It’s freezing cold, with a heavy fog and light drizzle, which mean I can’t even see the wind turbine site as I drive over the bridge onto the Isle of Sheppey. It’s not looking a promising day for aerial video, but a month of planning on our part and years of planning for the company have come to this day and we’ll just have to make the best of it. We have approval from the land-owner and the risk assessments are complete and approved by the construction company. As I drive towards the site I can just see the two turbines looming out of the fog. Scarily big but, at 121 metres, their blade tips will be just below our maximum working height.
My safety induction is completed by the site manager Paul and I am issued with my hard hat. While I wait for the rest of the video team to arrive I go through my equipment checklist and prep the octocopter for flight. There are two turbines on the site. The blades of the first turbine were lifted in December so it will make a good backdrop as the next lift happens. As we look out onto the damp site we can see the crane holding first the 40 metre blade against the hub while the team of engineers fix it into position. All three blades will need to be fixed before the lift, which is scheduled for around midday.
Stewart and Martin from One Planet Media arrive bearing bacon sandwiches and GoPros. They have been following the project for months, creating timelapses and recording significant stages of the project. It is our first time working together, so we recce the site discussing good angles. It’s stopped raining, but visibility is still pretty poor and I need 5km visibility to fly!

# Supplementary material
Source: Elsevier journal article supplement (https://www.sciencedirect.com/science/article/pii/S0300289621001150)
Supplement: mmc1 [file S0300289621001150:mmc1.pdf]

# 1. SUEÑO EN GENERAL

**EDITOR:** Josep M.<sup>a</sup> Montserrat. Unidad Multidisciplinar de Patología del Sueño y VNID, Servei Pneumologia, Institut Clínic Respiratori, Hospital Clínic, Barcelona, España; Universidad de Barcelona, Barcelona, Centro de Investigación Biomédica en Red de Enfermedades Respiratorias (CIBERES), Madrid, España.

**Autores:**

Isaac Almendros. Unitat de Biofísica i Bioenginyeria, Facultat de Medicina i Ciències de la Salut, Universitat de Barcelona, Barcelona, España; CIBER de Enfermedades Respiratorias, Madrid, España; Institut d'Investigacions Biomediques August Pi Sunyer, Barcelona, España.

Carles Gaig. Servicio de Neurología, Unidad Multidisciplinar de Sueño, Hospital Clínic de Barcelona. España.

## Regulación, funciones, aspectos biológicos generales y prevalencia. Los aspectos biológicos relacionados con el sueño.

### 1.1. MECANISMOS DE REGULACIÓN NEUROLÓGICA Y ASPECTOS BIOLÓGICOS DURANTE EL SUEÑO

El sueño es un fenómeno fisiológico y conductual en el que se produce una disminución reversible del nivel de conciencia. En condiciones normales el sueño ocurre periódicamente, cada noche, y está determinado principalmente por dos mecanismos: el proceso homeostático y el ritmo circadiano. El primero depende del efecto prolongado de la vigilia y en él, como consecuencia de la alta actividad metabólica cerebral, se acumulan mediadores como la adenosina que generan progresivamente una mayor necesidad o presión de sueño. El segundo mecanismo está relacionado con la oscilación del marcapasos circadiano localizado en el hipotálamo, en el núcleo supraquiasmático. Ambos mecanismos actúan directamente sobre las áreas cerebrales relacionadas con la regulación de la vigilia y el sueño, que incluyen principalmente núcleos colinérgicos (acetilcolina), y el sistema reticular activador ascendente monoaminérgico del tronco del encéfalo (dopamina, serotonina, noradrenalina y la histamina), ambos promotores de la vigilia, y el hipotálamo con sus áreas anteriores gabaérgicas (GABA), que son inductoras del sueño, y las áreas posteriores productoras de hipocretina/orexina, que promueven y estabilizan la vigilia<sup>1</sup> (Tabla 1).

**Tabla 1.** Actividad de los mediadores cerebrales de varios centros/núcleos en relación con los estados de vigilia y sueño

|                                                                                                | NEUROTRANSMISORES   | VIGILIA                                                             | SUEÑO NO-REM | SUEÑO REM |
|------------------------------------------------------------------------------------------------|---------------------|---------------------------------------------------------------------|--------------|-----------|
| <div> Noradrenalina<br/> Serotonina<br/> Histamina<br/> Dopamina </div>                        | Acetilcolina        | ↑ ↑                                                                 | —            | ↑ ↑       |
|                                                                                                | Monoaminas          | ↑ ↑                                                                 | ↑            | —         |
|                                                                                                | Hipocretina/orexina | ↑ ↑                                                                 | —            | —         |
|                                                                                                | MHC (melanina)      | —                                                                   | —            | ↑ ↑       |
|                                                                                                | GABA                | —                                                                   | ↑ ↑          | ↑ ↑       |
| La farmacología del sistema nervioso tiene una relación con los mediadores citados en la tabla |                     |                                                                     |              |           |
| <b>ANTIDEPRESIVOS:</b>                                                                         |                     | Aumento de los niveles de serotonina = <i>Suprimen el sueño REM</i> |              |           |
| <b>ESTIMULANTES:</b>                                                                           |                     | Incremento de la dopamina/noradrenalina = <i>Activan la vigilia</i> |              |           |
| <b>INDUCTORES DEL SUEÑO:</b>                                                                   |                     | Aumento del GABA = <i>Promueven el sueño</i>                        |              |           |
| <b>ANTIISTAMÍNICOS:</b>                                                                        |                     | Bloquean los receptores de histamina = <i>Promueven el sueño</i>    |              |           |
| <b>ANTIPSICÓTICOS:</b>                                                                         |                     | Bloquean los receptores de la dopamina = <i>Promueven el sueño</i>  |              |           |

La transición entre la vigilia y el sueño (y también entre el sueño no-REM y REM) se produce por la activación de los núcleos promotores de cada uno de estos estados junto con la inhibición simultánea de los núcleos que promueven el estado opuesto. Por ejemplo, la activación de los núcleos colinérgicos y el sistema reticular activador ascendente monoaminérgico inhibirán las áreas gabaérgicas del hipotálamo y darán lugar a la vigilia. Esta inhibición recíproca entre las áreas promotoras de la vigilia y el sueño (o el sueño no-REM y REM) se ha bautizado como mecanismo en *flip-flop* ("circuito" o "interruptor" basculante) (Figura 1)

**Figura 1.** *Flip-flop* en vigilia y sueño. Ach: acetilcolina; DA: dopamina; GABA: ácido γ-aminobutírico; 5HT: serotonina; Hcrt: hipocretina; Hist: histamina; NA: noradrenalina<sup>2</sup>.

As forecast, the fog begins to move away and suddenly we can see the reason for the choice of site, I can now see the bridge back to mainland Kent and the industry surrounding this low-lying part of the Medway Estuary. There is nothing to stop the wind here! Fortunately for us and the site team, the wind speed is forecast to be very low today. Now visibility is good, I carry out my first test flight of the day. I calibrate the octocopter and it achieves full GPS signal very quickly. I fly it a few times around an adjacent field, testing response to all controls. It feels very good today following minor adjustments over the Christmas break. Looking good!
The second blade is now being fixed to the hub so we know it is going to be at least two hours until the lift. Stewart decides it would be good to get shots of the first turbine just in case the lift doesn’t happen today. So I walk the equipment to the site. As the octocopter rises I can monitor the exact height. I very rarely work above 50 metres for most projects but on this flight I top out at 115 metres with the octo now a little dot next to the immense turbine.
On return to the site office I download the footage immediately to the laptop. I do this after every flight just in case I should damage the camera with a heavy landing. The footage looks good with the sleek blades against the background of the Sheppey marshes and the Medway. Although the light is still poor it is rapidly improving.
Happy that we have some good footage already, I put the first set of batteries back on charge. The site team are great and it’s hot coffees all round. Blade three is now being manoeuvred into position. This is precision engineering at its best; with over 200 bolts holding each blade to the hub, it takes time… and the biggest spanner I have ever seen!